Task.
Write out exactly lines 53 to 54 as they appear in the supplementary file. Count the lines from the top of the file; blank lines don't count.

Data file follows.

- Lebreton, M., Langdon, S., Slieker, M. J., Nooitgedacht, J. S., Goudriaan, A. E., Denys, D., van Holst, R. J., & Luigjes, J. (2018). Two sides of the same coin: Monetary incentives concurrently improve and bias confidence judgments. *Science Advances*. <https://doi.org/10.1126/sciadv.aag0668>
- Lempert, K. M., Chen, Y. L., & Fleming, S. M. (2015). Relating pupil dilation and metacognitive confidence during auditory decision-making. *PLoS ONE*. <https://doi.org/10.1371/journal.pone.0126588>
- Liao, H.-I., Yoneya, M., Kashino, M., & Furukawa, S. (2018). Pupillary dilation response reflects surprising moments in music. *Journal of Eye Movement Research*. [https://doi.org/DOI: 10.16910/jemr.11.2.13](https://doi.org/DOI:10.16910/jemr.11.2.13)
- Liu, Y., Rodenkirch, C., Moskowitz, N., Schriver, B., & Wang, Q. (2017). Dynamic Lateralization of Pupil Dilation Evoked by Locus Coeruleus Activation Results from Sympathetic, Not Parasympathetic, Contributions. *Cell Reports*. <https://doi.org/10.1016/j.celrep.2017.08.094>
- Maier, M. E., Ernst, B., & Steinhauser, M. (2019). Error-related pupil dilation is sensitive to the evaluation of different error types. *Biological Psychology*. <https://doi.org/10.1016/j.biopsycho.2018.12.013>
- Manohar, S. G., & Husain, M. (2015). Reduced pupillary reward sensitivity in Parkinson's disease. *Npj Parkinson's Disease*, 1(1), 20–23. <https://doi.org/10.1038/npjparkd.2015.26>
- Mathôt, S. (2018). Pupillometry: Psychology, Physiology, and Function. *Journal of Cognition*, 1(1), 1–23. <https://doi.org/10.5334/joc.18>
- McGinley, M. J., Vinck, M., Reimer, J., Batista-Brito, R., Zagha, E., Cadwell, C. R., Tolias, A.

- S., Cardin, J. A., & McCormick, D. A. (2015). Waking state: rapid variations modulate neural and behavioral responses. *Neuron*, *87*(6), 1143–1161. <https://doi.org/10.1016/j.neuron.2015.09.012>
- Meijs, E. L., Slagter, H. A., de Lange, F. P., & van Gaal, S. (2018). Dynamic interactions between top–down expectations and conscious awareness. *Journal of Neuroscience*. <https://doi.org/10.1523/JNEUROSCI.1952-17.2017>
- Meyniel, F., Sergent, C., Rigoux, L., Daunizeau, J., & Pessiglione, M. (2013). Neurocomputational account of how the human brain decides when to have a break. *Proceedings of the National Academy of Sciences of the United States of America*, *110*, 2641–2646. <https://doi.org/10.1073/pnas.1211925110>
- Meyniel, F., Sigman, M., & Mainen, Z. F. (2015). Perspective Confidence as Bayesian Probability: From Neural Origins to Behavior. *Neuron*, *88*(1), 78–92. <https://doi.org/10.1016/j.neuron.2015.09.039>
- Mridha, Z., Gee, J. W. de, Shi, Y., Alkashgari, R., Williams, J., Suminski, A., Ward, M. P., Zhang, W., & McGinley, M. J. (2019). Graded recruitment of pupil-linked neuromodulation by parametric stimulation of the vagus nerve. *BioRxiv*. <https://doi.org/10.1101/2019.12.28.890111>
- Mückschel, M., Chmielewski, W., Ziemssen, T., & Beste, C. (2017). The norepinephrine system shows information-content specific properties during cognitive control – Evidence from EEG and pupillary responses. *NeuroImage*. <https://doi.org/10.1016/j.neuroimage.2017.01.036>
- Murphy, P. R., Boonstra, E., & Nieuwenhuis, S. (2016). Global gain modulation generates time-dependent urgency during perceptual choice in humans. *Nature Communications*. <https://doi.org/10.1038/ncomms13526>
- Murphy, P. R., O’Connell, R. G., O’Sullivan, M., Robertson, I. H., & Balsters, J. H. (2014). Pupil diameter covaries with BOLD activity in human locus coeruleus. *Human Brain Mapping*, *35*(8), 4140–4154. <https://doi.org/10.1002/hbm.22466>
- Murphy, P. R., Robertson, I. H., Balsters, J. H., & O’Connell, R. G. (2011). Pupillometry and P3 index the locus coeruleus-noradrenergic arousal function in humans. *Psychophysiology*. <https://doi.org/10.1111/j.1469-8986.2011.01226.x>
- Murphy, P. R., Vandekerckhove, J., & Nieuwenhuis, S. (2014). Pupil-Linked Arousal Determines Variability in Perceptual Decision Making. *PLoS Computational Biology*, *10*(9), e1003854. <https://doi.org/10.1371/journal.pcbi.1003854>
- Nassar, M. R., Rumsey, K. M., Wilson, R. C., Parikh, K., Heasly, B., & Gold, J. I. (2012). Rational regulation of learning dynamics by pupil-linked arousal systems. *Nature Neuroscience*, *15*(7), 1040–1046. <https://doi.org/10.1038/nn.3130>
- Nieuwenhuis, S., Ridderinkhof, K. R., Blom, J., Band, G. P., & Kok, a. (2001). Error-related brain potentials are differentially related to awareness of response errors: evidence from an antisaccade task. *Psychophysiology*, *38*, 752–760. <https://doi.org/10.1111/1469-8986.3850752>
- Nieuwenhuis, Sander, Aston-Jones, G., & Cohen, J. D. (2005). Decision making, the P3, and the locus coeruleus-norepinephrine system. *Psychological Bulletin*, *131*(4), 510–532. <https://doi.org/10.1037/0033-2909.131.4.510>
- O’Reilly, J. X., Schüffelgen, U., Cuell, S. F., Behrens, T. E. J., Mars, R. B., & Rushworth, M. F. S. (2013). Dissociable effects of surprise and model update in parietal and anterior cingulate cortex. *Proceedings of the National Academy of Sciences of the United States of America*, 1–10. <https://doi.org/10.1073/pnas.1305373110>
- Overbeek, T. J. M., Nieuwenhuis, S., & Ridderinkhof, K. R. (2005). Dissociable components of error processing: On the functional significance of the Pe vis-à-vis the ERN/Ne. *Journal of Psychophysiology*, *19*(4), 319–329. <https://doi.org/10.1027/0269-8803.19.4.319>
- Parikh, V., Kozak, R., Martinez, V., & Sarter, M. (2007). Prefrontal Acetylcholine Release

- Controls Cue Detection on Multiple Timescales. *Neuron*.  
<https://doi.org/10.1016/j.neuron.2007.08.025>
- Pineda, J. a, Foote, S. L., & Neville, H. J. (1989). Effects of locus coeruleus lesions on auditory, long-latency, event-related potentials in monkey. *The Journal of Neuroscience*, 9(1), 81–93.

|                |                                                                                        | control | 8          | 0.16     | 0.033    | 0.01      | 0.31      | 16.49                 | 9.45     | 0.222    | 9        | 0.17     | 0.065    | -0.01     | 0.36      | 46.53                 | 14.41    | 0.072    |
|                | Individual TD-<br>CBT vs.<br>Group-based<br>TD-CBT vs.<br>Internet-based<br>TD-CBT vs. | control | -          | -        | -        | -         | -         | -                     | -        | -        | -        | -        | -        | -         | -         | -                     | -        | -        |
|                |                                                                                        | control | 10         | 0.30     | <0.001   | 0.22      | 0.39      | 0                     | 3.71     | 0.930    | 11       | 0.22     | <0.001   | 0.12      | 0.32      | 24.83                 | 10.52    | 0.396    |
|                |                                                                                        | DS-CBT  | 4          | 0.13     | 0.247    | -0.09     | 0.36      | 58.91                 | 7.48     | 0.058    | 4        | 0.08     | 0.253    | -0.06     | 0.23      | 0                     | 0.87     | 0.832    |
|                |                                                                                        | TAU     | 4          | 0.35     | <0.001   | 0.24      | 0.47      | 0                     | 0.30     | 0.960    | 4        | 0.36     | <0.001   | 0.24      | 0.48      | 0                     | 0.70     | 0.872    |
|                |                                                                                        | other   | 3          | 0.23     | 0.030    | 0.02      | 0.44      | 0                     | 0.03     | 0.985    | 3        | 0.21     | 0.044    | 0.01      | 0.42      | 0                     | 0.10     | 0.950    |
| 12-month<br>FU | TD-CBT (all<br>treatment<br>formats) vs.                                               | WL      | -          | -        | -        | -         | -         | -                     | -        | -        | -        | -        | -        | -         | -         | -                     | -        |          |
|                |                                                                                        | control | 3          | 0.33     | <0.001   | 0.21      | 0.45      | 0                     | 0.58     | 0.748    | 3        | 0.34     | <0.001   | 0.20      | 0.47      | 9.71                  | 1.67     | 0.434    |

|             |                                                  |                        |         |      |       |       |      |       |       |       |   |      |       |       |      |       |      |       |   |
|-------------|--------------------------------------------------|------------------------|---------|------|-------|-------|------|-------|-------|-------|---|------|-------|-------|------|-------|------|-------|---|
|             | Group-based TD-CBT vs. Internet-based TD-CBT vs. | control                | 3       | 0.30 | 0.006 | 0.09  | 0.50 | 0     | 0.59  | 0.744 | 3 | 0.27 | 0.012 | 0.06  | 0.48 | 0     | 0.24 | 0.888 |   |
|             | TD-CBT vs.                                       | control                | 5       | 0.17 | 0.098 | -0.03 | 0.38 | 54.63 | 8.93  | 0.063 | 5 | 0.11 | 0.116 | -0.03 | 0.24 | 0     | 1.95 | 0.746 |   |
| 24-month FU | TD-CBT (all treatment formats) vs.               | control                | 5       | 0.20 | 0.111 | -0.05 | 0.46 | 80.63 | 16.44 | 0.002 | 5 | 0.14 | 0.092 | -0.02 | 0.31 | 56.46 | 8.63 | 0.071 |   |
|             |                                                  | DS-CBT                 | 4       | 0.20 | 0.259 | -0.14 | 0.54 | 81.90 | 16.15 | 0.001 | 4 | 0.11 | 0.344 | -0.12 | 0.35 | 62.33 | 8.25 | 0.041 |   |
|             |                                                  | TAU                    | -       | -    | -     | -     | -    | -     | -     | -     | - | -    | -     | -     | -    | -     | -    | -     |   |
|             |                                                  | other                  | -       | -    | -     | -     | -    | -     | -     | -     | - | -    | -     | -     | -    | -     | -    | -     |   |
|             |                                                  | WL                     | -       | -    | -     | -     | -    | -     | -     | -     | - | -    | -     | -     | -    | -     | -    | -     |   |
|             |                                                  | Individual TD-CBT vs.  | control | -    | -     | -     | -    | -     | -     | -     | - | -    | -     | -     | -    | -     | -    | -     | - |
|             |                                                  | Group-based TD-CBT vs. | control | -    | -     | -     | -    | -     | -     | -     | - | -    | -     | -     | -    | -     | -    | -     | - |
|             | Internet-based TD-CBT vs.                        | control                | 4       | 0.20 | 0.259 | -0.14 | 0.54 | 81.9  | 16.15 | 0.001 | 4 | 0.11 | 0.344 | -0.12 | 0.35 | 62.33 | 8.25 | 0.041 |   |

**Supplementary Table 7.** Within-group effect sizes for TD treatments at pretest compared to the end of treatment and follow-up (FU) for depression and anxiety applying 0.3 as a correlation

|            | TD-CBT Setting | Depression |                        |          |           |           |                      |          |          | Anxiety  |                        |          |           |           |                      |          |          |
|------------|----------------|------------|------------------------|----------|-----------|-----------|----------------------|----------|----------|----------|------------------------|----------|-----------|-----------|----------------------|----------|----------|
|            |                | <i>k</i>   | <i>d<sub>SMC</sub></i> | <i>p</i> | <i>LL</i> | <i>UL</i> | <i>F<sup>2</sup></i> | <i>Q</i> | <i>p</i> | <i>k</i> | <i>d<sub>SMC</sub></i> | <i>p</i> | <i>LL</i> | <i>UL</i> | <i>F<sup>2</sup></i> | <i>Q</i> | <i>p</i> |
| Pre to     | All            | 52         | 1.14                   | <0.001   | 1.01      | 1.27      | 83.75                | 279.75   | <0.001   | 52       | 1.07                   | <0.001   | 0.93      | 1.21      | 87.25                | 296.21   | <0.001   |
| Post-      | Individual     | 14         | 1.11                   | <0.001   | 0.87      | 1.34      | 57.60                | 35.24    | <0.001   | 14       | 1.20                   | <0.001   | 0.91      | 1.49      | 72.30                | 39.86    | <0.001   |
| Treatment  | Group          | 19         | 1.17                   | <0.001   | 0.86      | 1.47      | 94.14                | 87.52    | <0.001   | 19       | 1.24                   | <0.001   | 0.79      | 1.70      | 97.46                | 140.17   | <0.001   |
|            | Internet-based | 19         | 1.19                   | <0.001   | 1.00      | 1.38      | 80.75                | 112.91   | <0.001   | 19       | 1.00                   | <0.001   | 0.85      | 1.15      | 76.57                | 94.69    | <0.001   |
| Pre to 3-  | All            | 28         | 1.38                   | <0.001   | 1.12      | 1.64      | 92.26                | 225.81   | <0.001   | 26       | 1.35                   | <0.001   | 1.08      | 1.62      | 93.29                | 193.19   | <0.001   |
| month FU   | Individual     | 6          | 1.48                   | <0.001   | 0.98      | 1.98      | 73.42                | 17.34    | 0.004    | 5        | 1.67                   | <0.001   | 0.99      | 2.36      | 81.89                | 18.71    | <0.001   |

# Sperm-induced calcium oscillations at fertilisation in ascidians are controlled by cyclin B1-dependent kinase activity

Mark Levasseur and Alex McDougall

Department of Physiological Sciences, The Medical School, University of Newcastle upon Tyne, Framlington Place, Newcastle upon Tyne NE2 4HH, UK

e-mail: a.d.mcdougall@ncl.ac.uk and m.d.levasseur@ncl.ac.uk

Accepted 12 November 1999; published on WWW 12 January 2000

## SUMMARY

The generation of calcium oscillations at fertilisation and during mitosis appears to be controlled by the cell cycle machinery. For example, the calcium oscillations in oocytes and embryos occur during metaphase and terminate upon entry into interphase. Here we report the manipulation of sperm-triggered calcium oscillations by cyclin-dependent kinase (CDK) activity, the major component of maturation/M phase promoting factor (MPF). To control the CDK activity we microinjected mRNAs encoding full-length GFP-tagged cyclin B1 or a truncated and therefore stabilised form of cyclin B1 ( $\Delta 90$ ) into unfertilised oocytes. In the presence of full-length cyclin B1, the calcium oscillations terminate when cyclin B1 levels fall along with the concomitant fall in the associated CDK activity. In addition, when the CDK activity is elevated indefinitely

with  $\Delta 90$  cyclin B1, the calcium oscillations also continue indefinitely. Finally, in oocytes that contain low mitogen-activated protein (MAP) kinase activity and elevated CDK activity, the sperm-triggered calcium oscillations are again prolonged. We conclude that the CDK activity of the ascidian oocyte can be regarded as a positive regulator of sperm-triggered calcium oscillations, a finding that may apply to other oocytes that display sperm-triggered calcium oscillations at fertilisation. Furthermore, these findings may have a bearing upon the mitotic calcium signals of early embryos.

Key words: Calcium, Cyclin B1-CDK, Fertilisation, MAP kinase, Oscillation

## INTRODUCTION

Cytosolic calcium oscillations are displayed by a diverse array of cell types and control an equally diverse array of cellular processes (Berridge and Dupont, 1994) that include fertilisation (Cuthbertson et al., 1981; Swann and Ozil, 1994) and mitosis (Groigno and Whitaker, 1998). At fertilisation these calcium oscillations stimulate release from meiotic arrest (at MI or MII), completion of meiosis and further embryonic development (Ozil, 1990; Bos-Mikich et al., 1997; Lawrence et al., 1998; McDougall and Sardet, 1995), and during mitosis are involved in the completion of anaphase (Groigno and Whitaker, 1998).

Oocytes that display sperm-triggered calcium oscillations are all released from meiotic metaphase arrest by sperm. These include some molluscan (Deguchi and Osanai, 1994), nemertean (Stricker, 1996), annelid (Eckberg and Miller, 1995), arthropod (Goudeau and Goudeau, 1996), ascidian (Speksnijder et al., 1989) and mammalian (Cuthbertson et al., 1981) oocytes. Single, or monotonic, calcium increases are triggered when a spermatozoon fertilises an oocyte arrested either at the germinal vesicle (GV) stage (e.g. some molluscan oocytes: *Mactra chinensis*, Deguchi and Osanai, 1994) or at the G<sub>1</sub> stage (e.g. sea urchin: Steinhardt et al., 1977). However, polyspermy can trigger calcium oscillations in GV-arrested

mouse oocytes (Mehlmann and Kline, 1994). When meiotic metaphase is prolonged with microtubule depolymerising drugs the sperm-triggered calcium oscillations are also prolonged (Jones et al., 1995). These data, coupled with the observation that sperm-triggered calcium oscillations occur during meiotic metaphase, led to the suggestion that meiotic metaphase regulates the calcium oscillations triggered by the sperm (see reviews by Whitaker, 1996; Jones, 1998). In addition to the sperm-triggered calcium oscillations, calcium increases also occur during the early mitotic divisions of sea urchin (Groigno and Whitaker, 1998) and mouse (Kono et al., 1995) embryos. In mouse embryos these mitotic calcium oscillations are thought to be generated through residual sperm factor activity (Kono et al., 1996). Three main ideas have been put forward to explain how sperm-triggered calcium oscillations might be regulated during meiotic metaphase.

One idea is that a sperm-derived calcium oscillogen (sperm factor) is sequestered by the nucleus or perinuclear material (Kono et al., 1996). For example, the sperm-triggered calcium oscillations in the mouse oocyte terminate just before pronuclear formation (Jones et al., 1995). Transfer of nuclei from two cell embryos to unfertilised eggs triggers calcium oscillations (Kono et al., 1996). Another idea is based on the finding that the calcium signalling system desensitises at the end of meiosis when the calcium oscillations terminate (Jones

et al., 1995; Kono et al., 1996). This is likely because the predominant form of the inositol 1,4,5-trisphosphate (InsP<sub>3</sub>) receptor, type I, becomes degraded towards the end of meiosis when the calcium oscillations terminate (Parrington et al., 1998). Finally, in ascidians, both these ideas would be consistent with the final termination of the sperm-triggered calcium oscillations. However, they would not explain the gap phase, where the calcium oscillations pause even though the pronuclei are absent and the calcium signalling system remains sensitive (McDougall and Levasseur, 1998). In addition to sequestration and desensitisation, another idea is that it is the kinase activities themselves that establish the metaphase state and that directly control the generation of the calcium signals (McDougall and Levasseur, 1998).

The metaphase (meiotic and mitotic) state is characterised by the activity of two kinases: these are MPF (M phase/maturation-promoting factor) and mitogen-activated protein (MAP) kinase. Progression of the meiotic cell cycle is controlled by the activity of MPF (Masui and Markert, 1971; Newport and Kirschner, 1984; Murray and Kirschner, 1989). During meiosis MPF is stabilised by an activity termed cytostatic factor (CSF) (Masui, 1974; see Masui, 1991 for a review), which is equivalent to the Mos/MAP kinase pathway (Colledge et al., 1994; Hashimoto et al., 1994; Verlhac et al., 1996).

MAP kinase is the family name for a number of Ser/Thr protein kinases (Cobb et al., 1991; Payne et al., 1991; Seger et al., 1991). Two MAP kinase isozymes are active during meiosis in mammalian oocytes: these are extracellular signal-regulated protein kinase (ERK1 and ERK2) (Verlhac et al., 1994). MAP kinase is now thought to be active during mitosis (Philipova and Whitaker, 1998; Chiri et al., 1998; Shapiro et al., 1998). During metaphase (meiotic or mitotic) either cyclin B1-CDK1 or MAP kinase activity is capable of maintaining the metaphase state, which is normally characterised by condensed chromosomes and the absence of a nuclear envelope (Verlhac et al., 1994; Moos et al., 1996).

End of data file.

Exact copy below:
| Post-      | Individual     | 14         | 1.11                   | <0.001   | 0.87      | 1.34      | 57.60                | 35.24    | <0.001   | 14       | 1.20                   | <0.001   | 0.91      | 1.49      | 72.30                | 39.86    | <0.001   |
| Treatment  | Group          | 19         | 1.17                   | <0.001   | 0.86      | 1.47      | 94.14                | 87.52    | <0.001   | 19       | 1.24                   | <0.001   | 0.79      | 1.70      | 97.46                | 140.17   | <0.001   |